Mansfield has lost much in the way of civic architecture, including its Victorian era courthouse and two former City Halls. The first building specifically built to serve the community as a post office continues to stand to this day, however, over 100 years after it opened to the public.
The city’s first center for mail delivery was said to have been a hollow log located near the intersection of Third and North Main. The first post office was recognized on July 1, 1811, and after other locations it was housed for some thirty years in the old Masonic Temple building, which occupied what is now a parking lot next to Martini’s on Main (hence the name, “Temple Court”).
Shortly after 1910, the United States Government approved construction of a new, stand alone post office and federal building on the southeast corner of West Fourth and North Mulberry Streets for the growing city of Mansfield. Some $70,000 was appropriated, which included $20,000 for site acquisition. Speaking at the cornerstone ceremony in November, 1912 was former Congressman Jay Laning, who had been instrumental in securing the building for the city; Laning remarked that his first visit to Mansfield had been as a young boy to attend the Ohio State Fair (which was held here in 1872 and 1873).
The 34,000 square feet Buckeye Gray sandstone building features large arched windows, decorative stone insets, and a wide eave with brackets and dentils. Stone came from the Ohio Quarries Company of Cleveland. Plans were created by the office of US Treasury Supervising Architect James Knox Taylor. Begun in 1912, it went into full operation in June of 1914 and was the center for a 40 employee operation.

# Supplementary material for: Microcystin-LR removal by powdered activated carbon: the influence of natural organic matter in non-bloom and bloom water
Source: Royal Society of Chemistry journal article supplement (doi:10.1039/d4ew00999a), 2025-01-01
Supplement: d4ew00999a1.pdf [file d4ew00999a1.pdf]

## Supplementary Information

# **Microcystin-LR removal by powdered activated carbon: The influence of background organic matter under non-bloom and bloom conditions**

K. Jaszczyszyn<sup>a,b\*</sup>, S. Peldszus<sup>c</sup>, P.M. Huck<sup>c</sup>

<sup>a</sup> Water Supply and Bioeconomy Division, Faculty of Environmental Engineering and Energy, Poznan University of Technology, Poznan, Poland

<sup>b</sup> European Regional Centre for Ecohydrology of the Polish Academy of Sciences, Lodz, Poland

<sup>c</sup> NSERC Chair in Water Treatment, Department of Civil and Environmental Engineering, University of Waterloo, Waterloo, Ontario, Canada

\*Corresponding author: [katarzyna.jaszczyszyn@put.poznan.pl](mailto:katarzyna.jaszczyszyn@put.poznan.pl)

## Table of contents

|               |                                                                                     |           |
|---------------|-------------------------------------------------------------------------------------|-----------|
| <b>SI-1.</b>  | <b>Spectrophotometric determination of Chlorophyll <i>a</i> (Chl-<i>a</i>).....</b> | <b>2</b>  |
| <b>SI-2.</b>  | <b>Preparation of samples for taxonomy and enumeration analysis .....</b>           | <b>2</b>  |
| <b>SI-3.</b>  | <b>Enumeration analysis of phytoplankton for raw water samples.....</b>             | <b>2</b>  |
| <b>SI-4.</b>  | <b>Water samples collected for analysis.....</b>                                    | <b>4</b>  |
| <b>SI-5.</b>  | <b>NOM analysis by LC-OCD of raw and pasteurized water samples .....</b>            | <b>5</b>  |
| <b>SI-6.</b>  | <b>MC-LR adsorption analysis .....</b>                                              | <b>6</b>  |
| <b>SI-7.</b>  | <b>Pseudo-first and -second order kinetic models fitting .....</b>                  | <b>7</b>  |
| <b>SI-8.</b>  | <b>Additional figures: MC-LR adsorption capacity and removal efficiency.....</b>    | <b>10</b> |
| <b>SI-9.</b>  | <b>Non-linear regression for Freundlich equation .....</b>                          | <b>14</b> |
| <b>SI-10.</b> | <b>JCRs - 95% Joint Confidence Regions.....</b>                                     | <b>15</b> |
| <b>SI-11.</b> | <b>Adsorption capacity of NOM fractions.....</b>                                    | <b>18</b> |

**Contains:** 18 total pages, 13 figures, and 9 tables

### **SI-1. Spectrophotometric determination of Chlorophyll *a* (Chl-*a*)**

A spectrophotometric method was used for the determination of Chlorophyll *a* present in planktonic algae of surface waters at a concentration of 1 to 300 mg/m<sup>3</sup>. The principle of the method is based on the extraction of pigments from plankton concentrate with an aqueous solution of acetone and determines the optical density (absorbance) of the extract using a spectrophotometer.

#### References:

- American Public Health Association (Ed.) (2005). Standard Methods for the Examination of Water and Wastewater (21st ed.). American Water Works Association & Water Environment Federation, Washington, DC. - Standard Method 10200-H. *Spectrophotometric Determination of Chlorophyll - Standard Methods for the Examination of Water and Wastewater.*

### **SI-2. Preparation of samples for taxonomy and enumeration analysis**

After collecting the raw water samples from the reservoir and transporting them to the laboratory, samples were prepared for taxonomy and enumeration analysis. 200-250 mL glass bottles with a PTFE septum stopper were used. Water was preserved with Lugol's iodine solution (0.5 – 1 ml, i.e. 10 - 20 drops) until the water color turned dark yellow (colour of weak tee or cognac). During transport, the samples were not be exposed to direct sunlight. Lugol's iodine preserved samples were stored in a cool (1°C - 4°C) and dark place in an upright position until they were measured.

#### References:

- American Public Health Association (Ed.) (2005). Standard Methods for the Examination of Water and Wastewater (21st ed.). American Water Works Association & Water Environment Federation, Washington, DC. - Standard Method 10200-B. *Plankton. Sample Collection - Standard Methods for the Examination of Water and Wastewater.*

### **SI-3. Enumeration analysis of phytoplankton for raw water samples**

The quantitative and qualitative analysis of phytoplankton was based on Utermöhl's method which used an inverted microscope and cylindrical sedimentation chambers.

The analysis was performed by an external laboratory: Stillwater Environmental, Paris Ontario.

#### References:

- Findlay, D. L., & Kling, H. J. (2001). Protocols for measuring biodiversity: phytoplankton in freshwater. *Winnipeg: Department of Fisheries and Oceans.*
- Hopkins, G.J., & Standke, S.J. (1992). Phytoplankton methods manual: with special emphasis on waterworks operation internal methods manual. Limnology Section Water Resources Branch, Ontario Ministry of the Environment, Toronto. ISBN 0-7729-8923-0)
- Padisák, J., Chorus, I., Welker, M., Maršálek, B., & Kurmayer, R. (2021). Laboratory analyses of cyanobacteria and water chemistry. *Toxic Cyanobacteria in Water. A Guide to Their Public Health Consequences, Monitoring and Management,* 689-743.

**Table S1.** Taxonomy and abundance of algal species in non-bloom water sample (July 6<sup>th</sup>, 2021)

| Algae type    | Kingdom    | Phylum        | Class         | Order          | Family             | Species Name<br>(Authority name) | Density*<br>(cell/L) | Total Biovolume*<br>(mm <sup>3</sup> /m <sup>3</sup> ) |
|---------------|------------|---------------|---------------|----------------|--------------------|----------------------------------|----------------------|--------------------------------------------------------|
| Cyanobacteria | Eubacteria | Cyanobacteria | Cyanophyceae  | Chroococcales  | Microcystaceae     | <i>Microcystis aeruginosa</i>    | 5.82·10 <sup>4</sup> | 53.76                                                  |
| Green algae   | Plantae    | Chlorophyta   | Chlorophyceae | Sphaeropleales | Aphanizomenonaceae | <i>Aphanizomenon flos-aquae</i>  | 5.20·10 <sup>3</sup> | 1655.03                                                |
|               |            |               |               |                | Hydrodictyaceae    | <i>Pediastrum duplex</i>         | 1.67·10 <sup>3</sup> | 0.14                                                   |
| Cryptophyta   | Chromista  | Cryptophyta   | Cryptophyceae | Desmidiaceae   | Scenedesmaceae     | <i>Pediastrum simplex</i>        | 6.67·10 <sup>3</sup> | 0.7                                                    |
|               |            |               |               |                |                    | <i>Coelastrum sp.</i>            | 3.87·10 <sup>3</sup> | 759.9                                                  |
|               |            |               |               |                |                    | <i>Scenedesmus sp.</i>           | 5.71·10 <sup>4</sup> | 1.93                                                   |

After the new Mansfield Post Office and Federal Building opened in early 1973, built at a cost of some $8 million, the City of Mansfield expressed interest in acquiring the old post office. This offer was soon withdrawn, however; the City built the current Municipal Building complex, and the Old Post Office was transferred to Mansfield City Schools for use as a central Board of Education and staff office.
Today, the renovated Old Post Office houses the Weldon, Huston & Keyser law firm.
Sources, Photo: Mansfield News Journal, Stone: An Illustrated Magazine, January, 1914